Haiti Day Three
What do you do if there are three tarantulas in your room, the biggest around the size of a jelly jar lid?
1.) Kill them.
2.) Try to encourage them to leave the room with a coat hanger.
3.) Grab your Blackberry, Google Wikipedia, and look up to see if you can touch a tarantula.
If you picked #2, you would have picked the second thing they did. The first thing they did was #3. Young city slickers, I tell you.
Let me clarify; they were with us on the trip, but not part of our church.
After seven months, people still stay out of buildings. In a village in Leogone, New Missions has a large church, and the school is being taught outdoors. The building shows no signs of distress, but they stubbornly stay outside. Tim reports that the government, shortly after the earthquake, told people to stay out of buildings. An inspector is supposed to be by soon and approve the building. Tim is confident the children will return to the church building by October.
New Missions hosted all their pastors today- 24 of them. It was a teaching, giving, and encouragement time. I was given the opportunity to speak to them. That’s rather intimidating, as their business is speaking. Giving a talk with an interpreter is interesting as well. You must speak, then allow the interpreter time to speak. After awhile, the two of you get into a rhythm.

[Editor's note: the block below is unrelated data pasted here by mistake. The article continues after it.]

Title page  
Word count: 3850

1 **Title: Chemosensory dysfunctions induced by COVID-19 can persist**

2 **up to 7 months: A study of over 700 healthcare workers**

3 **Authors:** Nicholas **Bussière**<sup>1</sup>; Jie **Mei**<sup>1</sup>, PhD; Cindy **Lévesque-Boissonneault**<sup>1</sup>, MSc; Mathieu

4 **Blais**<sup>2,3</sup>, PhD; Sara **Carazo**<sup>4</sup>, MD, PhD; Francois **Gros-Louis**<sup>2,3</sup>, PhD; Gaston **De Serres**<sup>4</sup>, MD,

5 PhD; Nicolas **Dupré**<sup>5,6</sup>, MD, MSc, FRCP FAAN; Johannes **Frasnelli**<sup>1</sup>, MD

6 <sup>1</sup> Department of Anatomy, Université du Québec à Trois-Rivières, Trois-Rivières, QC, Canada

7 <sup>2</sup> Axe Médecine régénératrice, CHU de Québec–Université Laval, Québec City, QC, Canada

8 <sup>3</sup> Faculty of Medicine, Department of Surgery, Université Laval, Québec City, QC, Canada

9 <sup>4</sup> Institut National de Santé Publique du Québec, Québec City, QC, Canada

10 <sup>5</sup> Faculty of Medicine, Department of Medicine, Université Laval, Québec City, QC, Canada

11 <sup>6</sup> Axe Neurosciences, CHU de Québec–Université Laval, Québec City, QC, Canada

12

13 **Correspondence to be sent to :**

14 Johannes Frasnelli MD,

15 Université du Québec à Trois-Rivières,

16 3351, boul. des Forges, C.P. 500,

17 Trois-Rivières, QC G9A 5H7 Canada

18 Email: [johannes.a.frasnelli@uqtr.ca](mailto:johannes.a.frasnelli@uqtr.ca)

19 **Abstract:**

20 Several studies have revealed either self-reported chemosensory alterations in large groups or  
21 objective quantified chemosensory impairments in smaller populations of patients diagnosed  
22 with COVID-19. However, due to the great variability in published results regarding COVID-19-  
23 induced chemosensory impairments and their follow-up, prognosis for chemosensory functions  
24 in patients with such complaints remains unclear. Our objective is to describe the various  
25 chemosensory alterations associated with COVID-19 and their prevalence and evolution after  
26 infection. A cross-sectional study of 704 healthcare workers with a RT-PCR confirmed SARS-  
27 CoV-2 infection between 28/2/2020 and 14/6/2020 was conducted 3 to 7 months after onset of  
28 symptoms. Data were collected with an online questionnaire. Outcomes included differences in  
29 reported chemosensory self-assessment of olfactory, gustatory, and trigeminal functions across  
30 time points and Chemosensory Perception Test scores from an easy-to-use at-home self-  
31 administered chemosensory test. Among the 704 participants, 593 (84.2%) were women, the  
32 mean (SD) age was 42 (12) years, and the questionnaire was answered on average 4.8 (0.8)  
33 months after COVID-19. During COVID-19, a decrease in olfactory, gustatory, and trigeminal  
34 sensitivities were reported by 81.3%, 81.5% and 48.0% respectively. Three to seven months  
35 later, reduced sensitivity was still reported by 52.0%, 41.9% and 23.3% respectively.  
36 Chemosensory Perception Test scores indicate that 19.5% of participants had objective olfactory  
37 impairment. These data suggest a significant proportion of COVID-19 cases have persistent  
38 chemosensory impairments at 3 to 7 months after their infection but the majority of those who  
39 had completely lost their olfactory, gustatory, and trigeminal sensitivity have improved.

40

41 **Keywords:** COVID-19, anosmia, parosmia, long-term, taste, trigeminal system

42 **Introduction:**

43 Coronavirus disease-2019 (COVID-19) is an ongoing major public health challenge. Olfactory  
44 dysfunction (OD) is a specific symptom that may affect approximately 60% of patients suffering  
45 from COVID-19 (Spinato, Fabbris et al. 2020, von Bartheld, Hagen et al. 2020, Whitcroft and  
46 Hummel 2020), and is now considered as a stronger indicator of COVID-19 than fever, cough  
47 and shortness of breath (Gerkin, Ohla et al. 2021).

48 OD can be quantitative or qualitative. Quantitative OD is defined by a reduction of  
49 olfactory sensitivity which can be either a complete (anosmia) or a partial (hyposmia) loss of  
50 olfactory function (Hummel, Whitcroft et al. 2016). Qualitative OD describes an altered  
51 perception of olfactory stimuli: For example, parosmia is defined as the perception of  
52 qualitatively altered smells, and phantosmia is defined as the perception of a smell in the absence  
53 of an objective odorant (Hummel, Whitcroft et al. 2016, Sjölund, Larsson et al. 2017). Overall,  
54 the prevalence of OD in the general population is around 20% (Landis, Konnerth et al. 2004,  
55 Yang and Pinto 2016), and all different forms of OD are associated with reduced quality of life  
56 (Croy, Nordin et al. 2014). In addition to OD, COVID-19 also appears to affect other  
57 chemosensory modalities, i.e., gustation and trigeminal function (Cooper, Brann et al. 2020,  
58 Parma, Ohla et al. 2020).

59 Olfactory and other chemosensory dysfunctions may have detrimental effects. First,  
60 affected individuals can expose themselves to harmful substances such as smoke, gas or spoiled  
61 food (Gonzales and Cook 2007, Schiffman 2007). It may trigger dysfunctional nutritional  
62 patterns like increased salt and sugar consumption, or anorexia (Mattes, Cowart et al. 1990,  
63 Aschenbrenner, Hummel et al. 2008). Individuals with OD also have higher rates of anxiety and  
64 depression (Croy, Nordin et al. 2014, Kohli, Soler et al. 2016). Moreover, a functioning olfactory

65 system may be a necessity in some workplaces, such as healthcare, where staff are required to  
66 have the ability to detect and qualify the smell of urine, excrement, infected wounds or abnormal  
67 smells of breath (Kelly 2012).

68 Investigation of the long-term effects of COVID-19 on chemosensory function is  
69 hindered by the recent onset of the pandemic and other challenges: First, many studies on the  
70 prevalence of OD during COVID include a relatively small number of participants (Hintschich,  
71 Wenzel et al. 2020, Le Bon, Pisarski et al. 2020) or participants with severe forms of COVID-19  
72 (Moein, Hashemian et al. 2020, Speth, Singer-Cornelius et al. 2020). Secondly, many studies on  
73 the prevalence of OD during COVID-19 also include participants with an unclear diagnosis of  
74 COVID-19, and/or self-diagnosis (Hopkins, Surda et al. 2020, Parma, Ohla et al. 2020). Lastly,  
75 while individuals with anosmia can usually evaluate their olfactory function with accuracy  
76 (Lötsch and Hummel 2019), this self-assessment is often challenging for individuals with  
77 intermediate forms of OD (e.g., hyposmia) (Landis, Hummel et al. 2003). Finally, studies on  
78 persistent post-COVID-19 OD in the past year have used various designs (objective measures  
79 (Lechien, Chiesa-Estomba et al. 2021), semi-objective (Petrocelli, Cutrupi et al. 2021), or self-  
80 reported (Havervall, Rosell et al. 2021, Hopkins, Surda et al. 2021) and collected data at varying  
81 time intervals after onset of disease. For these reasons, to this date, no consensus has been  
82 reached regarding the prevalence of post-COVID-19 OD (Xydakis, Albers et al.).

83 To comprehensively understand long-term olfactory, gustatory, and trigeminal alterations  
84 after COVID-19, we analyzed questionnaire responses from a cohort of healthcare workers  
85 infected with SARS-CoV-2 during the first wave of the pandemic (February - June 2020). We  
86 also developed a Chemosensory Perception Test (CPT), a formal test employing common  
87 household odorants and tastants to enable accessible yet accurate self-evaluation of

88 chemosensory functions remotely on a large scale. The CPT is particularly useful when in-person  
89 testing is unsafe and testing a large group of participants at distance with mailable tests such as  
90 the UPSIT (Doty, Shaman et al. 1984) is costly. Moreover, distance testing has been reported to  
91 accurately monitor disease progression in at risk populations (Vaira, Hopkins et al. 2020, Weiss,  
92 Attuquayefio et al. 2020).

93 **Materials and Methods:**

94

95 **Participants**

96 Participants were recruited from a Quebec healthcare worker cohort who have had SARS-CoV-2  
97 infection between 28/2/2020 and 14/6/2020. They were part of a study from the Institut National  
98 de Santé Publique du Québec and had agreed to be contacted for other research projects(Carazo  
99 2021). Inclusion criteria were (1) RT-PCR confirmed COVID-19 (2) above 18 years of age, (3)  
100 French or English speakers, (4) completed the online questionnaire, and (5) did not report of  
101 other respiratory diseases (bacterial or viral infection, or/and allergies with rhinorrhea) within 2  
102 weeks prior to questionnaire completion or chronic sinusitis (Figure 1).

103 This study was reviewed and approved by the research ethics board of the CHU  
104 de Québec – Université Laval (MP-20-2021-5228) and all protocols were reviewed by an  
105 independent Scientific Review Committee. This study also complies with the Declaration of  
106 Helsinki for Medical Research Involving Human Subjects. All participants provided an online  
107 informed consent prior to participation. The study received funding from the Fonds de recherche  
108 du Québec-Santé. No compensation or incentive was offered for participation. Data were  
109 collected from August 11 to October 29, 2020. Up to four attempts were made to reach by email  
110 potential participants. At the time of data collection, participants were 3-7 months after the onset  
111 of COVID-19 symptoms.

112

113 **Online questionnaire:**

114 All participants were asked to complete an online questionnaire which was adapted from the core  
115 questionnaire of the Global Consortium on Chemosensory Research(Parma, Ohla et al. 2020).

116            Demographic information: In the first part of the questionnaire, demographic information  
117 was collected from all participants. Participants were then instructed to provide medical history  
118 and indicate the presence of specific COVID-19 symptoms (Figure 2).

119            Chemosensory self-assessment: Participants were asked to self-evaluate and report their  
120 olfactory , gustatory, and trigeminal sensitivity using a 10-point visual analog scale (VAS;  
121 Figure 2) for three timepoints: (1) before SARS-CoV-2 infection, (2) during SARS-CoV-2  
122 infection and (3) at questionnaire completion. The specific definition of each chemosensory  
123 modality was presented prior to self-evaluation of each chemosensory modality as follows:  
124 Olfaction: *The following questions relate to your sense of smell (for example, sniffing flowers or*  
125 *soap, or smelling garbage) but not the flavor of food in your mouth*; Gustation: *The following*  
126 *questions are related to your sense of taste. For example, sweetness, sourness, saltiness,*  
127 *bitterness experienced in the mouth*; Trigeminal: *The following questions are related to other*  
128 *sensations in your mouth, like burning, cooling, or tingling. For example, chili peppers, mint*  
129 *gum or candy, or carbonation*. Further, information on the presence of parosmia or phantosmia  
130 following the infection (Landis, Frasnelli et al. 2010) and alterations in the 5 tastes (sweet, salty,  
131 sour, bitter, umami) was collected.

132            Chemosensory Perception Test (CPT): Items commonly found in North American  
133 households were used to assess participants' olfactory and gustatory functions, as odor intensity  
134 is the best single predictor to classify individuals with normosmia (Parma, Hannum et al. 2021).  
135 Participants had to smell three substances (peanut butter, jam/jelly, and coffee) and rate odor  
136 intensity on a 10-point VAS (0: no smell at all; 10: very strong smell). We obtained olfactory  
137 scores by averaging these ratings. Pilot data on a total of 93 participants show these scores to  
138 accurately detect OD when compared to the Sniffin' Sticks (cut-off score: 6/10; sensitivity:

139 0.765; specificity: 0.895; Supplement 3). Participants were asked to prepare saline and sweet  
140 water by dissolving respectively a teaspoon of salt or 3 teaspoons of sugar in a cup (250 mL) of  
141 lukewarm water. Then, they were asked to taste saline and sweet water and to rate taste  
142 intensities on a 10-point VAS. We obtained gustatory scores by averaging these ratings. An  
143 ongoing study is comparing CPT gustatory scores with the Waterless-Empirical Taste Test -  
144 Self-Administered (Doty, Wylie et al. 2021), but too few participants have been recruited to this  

Lunch time was special, too, as the leaders’ sponsored kids and their parents were invited to a luncheon and received special gifts. One highlight of the lunch was the fish. Easy to spot, as it was a complete fish, deep fried, looking at you from the plate. It was a pathetic thing. Maybe four or five inches long. Surely a ‘throw back’ in America. It tasted okay. Suffice it to say I didn’t eat all of it, as opposed to the Haitian woman across from me. I understand a Haitian at it all. All. No bones, nothing left over.
Just after lunch finished, the skies opened up. It rained a lot. Water drops bounced off flat surfaces and ran off the corrugated roofs in rows of waterfalls. It stopped briefly (long enough for Haitians to head back to their homes), then opened up again. It must be a mess if you’re halfway home. What do the school children do? Anyway, that axed our plans to go to the high school. Too bad. I wanted to see if they had the same lockers as my high school. Right!
After dinner (pizza) we headed off to church in the city of Leogone. The service had already started, and the congregation was rocking! The Haitians really know how to praise the Lord. And they go on and on for two reasons;
They really love the Lord.
They have nothing else to do.
I know that sounds bad, but Jesus talked about the sower and the seeds. Some fell and grew up in thorns. The cares of the world choked them out. They don’t have that problem. So they sing and sing and praise the Lord. They don’t cut it short to see the latest ‘American idol.’
Garett can understand Creole; he lived in Haiti for a year. He said the Haitians repeat the same thing over and over when they sing. But when they preach, it is repetitive too. Actually, I could tell tonight, as even though I couldn’t understand them, I could hear the words and phrases repeated, a lot.
The drive home is a trip. Lots of muddy roads, huge puddles, and cars, trucks, and bikes missing one another by inches. The new addition to the traffic challenges is rubble piled everywhere, even in the street. There is rubble everywhere.
In spite of the damage and destruction, the church service was uplifting. These people praise the Lord even though their conditions are not good. It is humbling.